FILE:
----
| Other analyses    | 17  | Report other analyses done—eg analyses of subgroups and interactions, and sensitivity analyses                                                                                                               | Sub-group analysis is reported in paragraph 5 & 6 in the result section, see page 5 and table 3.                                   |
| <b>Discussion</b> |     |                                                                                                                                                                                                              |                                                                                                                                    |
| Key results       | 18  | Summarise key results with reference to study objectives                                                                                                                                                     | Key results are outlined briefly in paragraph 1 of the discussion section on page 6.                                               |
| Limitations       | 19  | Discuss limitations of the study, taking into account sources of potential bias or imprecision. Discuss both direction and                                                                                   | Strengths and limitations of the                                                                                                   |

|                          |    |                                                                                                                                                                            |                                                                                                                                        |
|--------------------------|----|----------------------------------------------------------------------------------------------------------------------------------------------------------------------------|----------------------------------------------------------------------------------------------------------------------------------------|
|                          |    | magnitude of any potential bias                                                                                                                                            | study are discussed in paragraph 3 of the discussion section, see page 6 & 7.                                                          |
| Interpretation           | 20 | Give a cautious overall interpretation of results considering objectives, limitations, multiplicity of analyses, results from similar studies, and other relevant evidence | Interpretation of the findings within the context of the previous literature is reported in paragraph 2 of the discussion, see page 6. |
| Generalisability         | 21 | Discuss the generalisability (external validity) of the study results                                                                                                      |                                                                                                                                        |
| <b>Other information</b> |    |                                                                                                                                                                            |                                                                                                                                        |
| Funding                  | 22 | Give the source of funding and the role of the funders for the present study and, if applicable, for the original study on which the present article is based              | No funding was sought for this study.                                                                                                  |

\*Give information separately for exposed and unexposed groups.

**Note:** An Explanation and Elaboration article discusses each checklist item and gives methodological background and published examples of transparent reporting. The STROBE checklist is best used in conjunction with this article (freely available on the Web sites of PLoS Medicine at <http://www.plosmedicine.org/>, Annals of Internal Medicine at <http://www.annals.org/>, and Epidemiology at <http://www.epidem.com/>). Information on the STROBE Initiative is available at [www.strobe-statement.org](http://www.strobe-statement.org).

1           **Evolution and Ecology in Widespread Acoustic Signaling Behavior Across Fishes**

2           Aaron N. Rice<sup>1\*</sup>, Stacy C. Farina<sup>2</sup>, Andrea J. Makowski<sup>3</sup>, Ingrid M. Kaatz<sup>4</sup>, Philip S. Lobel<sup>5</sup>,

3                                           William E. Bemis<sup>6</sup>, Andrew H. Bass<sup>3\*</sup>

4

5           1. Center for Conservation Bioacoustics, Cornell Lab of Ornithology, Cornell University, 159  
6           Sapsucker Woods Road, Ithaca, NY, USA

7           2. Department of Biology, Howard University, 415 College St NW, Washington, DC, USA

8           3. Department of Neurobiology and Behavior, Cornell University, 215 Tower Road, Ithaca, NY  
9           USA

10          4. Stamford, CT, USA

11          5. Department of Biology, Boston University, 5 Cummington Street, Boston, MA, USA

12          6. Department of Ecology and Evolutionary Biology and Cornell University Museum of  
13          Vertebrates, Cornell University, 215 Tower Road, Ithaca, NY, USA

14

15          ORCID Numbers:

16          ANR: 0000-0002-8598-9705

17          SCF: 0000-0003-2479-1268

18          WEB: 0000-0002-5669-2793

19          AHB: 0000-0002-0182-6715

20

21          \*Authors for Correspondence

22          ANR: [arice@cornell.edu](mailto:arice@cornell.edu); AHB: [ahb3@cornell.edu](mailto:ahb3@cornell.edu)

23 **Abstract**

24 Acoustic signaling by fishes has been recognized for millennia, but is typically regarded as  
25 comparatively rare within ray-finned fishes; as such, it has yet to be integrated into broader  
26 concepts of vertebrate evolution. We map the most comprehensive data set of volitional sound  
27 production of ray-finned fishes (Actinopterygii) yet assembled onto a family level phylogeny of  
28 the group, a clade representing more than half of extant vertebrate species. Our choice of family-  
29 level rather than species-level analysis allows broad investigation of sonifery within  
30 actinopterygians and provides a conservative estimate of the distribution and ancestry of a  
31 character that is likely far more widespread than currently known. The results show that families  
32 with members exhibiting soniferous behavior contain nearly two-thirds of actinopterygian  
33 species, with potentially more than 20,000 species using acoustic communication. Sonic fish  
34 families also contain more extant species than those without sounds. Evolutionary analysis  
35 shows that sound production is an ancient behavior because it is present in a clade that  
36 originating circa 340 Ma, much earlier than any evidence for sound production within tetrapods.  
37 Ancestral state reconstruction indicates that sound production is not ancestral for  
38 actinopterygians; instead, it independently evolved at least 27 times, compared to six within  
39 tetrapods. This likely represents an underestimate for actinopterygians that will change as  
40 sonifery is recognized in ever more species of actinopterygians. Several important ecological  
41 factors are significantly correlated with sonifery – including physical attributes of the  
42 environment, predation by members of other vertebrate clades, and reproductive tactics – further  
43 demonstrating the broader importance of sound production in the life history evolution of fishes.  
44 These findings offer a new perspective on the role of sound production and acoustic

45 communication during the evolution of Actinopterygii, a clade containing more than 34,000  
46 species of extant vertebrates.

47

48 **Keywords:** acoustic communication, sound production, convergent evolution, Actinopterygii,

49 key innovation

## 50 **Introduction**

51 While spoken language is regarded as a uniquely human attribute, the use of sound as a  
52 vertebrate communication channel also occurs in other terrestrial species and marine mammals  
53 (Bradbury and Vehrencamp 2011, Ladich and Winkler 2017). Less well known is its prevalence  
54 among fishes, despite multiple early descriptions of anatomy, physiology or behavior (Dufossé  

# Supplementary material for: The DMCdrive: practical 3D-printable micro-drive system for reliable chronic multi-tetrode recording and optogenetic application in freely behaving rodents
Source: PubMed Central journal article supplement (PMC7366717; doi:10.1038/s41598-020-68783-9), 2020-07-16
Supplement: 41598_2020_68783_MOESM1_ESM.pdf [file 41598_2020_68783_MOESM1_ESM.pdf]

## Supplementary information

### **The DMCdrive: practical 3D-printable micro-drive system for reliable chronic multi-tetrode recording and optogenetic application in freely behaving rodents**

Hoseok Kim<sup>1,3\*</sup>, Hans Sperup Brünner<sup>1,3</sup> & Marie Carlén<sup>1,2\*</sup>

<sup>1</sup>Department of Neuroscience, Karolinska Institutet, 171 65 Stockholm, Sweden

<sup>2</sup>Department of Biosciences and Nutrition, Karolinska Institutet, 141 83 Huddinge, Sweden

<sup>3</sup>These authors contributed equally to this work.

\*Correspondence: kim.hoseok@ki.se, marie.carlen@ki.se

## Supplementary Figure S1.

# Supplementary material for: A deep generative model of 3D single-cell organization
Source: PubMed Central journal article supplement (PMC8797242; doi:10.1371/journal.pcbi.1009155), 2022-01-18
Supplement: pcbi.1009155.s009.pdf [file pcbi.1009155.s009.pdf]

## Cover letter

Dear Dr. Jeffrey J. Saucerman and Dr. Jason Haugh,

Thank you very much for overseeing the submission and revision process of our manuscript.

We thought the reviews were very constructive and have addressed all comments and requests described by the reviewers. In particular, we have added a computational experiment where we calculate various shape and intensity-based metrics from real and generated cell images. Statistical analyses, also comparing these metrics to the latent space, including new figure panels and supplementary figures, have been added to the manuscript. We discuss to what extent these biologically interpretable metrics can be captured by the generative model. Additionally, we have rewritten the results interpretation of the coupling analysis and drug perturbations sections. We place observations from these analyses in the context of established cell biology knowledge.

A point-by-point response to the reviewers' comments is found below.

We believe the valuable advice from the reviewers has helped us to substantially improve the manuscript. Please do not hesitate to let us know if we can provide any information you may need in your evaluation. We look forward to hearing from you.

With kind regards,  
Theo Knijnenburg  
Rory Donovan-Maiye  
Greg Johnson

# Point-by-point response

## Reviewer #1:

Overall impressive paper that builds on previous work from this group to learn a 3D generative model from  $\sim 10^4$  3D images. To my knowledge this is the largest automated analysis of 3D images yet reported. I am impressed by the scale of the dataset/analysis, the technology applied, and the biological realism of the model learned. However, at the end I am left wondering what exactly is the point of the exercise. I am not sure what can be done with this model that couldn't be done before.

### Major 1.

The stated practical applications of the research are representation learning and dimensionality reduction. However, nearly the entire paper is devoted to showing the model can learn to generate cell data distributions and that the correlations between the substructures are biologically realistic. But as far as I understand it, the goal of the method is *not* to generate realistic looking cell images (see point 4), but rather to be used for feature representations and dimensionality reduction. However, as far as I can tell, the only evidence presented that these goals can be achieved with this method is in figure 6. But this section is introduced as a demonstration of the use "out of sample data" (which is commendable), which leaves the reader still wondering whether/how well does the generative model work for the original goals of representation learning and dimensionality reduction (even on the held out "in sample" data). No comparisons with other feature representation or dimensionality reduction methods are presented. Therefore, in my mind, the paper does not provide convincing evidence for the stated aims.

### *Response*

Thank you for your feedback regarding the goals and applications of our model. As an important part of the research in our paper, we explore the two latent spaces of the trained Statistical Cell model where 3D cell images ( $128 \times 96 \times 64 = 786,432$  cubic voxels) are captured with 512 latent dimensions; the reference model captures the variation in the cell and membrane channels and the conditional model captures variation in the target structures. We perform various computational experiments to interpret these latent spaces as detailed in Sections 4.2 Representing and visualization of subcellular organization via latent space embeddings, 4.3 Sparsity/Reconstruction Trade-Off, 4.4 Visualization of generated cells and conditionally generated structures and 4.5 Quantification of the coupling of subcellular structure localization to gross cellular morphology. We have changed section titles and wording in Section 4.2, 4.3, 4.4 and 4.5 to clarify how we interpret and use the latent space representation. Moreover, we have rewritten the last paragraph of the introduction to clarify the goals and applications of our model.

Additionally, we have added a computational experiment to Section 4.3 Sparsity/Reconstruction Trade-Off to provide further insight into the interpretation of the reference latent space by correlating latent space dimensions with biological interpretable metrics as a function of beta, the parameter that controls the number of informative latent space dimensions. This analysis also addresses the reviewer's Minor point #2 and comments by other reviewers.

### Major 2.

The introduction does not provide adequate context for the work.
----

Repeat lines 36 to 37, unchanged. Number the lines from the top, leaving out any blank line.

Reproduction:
23 **Abstract**

24 Acoustic signaling by fishes has been recognized for millennia, but is typically regarded as  